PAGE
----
The Washington PostDemocracy Dies in Darkness

Md. Attorney General Frosh overrules racist opinions of predecessors

Brian E. Frosh nullifies 22 old legal opinions that once helped state agencies uphold segregation and bans on interracial marriage

Maryland Attorney General Brian E. Frosh (Patrick Semansky/AP)

Outgoing Maryland Attorney General Brian E. Frosh announced Monday that he was overruling decades of antiquated, racist legal opinions his predecessors had issued, wiping away some of the many vestiges of systems that denied equality to Black people.

The 22 rulings, rendered unconstitutional by courts for decades, had helped state agencies uphold segregation, discriminate against people of color and deny marriage licenses based on race. While Frosh’s office noted the opinions now have no legal teeth, formally overruling them helps Maryland atone for generations of racist policies.

“The laws were abhorrent and ultimately held to be unconstitutional,” Frosh (D) said in a statement. “We hope that our opinion today will help remove the stain of those earlier, harmful and erroneous works. We will continue to fight to stamp out racism and hate in all of our work for Maryland.”

Frosh, who leaves office in January, launched the effort to review old legal opinions this year after Virginia’s outgoing attorney general, Democrat Mark Herring, overturned 58 legal opinions upholding racial discrimination that his predecessors had issued.

The attorney general’s action comes amid several other efforts that Maryland’s government has launched to address its racist past — and as the state is at the cusp of installing a concentration of Black state leaders unprecedented in American history.

This month, Maryland elected its first Black governor — the third to be elected in the nation’s history. Gov.-elect Wes Moore (D) campaigned on fixing systemic inequality.

In a statement praising Frosh’s action Monday, Moore said: “We have an opportunity and a responsibility to rethink the systems that have left too many Marylanders behind.”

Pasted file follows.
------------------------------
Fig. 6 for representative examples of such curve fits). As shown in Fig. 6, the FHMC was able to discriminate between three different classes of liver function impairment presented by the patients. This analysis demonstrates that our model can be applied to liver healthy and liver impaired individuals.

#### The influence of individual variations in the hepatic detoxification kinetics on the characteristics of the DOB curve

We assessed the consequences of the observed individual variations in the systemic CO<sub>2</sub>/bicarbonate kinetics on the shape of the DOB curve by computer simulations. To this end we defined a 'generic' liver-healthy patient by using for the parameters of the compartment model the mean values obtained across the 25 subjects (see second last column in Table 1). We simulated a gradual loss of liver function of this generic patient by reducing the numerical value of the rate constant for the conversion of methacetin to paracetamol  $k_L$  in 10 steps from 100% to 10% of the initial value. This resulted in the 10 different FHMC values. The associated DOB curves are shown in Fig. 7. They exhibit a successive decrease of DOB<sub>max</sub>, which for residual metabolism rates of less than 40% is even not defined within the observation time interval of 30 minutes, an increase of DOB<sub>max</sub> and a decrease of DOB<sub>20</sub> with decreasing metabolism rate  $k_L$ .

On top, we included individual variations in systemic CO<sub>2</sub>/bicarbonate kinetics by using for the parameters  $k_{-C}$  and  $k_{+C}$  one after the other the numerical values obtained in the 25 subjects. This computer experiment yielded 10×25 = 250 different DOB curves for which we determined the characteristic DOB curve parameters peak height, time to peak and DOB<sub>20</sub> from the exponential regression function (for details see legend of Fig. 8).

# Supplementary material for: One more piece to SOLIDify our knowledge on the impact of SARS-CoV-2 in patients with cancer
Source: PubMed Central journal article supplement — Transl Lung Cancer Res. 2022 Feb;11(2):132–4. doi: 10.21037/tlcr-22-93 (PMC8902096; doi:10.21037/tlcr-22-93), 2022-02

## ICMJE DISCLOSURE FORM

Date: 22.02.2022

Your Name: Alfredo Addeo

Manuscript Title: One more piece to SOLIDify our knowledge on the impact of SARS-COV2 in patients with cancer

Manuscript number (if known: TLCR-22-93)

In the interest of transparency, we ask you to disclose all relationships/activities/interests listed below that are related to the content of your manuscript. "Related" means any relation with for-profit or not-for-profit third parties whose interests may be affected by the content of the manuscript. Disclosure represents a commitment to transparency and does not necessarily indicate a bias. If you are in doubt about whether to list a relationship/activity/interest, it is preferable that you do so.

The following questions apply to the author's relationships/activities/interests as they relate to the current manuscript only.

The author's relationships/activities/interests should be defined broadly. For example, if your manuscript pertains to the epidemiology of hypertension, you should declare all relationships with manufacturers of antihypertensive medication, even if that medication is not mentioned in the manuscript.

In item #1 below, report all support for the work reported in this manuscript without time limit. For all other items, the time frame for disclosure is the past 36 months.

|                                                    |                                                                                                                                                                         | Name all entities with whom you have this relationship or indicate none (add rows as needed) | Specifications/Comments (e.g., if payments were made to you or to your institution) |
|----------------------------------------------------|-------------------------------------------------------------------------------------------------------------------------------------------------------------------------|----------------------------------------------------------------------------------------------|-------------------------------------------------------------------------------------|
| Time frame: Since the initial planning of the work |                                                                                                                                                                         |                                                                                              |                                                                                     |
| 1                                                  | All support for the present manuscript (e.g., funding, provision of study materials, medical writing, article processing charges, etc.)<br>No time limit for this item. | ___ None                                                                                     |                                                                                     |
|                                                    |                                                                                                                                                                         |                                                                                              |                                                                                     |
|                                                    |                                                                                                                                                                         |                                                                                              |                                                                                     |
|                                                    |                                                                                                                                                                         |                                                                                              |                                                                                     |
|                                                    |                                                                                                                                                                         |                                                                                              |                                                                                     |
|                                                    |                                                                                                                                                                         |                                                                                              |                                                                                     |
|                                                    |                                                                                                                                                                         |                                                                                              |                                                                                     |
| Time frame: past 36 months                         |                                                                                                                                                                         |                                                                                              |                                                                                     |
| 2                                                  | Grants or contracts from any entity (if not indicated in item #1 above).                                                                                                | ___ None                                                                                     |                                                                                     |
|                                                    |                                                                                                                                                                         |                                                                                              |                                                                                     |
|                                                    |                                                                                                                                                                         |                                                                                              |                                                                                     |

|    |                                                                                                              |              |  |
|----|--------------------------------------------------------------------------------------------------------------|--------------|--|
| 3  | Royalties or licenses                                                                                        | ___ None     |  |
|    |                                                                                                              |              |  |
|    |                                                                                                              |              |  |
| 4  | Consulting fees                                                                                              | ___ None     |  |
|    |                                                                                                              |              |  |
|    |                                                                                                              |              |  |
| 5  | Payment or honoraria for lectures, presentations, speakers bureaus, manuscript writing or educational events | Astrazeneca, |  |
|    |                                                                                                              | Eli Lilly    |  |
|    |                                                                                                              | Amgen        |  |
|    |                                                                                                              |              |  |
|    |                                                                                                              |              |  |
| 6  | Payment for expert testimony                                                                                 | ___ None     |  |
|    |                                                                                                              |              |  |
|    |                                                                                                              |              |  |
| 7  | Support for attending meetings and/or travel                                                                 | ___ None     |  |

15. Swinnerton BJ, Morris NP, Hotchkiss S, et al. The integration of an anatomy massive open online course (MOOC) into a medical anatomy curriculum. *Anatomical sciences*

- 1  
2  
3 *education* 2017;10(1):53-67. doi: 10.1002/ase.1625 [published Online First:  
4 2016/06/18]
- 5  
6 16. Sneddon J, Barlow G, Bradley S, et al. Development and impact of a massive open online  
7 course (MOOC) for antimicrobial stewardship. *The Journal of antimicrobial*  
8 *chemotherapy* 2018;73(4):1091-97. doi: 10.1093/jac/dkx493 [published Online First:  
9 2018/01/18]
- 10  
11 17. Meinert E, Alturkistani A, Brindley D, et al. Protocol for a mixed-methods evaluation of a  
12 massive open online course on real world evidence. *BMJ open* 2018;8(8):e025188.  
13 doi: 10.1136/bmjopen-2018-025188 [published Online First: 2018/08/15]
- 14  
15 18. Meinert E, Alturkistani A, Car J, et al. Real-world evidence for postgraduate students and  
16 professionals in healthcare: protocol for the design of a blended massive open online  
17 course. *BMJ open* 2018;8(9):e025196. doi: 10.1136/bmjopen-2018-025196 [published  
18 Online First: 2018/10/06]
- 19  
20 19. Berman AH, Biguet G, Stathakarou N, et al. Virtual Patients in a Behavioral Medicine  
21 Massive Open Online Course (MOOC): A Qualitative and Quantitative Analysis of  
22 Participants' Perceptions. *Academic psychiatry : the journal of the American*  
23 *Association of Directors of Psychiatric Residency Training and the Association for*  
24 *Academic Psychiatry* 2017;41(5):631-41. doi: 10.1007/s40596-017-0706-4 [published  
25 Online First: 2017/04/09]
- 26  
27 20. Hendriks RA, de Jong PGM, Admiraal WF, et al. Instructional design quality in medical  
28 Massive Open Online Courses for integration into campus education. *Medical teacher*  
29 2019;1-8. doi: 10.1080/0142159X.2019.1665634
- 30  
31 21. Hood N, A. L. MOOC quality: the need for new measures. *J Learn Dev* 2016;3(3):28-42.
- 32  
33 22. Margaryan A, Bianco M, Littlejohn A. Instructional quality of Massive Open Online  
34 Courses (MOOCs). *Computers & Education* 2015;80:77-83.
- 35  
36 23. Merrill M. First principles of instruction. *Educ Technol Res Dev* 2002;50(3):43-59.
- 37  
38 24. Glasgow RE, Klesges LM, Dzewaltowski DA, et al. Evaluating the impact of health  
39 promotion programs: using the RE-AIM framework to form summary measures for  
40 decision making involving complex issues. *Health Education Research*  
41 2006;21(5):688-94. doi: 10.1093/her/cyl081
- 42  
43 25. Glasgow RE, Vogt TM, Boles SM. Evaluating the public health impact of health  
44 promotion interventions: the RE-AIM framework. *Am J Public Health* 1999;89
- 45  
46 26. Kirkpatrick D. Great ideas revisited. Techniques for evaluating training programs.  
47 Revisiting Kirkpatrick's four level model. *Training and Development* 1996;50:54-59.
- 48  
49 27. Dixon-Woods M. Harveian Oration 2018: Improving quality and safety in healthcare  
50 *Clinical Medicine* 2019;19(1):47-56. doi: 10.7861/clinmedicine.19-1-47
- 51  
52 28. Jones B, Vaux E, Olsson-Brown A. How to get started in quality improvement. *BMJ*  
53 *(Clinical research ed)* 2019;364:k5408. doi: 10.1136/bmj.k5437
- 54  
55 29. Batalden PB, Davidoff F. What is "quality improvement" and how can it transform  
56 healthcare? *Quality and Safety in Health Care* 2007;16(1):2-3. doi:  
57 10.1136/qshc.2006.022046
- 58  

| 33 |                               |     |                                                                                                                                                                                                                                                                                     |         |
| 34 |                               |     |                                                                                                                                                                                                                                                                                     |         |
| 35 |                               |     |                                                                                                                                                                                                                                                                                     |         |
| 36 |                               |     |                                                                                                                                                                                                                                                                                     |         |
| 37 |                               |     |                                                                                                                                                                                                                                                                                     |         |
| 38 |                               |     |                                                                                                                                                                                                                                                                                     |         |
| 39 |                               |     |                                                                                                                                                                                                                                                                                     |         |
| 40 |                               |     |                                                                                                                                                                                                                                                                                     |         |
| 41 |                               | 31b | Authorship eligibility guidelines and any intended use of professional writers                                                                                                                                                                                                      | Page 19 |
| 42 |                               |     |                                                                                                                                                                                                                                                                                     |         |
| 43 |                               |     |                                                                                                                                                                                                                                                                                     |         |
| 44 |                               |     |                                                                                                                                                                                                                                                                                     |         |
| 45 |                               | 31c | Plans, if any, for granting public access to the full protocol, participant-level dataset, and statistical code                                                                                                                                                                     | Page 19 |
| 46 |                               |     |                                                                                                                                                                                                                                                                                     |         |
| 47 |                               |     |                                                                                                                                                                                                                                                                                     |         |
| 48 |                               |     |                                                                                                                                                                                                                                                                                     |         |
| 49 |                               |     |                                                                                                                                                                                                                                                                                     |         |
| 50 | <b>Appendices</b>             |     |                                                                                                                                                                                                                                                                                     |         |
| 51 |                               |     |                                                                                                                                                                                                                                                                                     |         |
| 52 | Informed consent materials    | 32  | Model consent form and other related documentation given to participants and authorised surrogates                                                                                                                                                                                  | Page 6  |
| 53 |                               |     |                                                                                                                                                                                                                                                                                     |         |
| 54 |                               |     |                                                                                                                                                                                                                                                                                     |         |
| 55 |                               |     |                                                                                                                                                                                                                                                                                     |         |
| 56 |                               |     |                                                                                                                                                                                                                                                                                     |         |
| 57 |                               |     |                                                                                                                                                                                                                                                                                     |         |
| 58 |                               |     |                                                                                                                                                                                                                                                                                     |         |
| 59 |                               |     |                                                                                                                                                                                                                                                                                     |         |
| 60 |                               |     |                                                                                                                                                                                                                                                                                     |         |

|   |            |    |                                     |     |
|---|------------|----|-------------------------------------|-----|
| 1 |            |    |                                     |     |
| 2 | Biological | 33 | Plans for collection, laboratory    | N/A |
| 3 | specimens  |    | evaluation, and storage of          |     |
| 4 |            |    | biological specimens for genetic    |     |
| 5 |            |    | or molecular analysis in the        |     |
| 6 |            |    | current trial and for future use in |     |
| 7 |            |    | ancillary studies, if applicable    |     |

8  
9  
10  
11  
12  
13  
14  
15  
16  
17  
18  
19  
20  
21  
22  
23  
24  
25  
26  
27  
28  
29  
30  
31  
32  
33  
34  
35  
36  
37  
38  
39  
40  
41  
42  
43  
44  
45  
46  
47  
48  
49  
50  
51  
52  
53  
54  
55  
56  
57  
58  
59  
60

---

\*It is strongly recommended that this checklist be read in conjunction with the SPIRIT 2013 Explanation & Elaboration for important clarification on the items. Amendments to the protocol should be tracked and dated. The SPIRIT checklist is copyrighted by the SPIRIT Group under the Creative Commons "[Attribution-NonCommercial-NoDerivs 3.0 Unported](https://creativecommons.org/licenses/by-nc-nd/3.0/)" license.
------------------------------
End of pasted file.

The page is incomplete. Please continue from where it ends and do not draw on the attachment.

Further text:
Frosh’s successor, Rep. Anthony G. Brown (D-Md.), will be the state’s first Black attorney general.

A slaveholding border state that stayed in the Union during the Civil War, Maryland built its wealth on a slave economy that allowed for unemployed free Blacks to become re-enslaved and created a far-reaching network of Jim Crow laws after the war, according to the state archives.

The state legislature formally apologized for slavery in 2007 — 373 years after the institution began in the state’s first constitution and 143 years after a new constitution abolished it.

In 2019, state lawmakers created the Maryland Lynching Truth and Reconciliation Commission to research the known and unknown cases of extrajudicial racial terror that killed at least 41 Black people.

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In May 2021, Gov. Larry Hogan (R) granted posthumous pardons for 34 Black lynching victims, in what was believed to be the nation’s first systemic pardon for all of a state’s known lynching victims.

“We have no greater responsibility as leaders in a democracy than preserving for future generations the importance of clearly differentiating between right and wrong,” the governor said at the time.

In his 13-page opinion overturning prior legal opinions, Frosh says his office looked at opinions dating back to 1916 — the first year they were compiled in published volume.

“As much as we might prefer otherwise, our research showed that the Office of the Maryland Attorney General was sometimes complicit in the State’s history of racial discrimination,” Frosh wrote.

He pointed out that he is not rendering judgment on whether they should have questioned the constitutionality of those laws, saying that’s a function of the courts.

As examples, Frosh pointed to an opinion — issued after the U.S. Supreme Court ruled schools could not be segregated by race under the infamous “separate but equal” doctrine — that argued that Maryland could separate Black and White children who were in trouble with the law and assigned by courts to remedial boarding schools known as “training schools.”

In 1928, Maryland’s attorney general opined a clerk should deny a marriage license to a White man and a woman whose paternal grandparents were Black.

“Renouncing these unfortunate opinions cannot change the past,” Frosh wrote. “But we hope that it will serve to reinforce our Office’s current commitment to equality under the law.”

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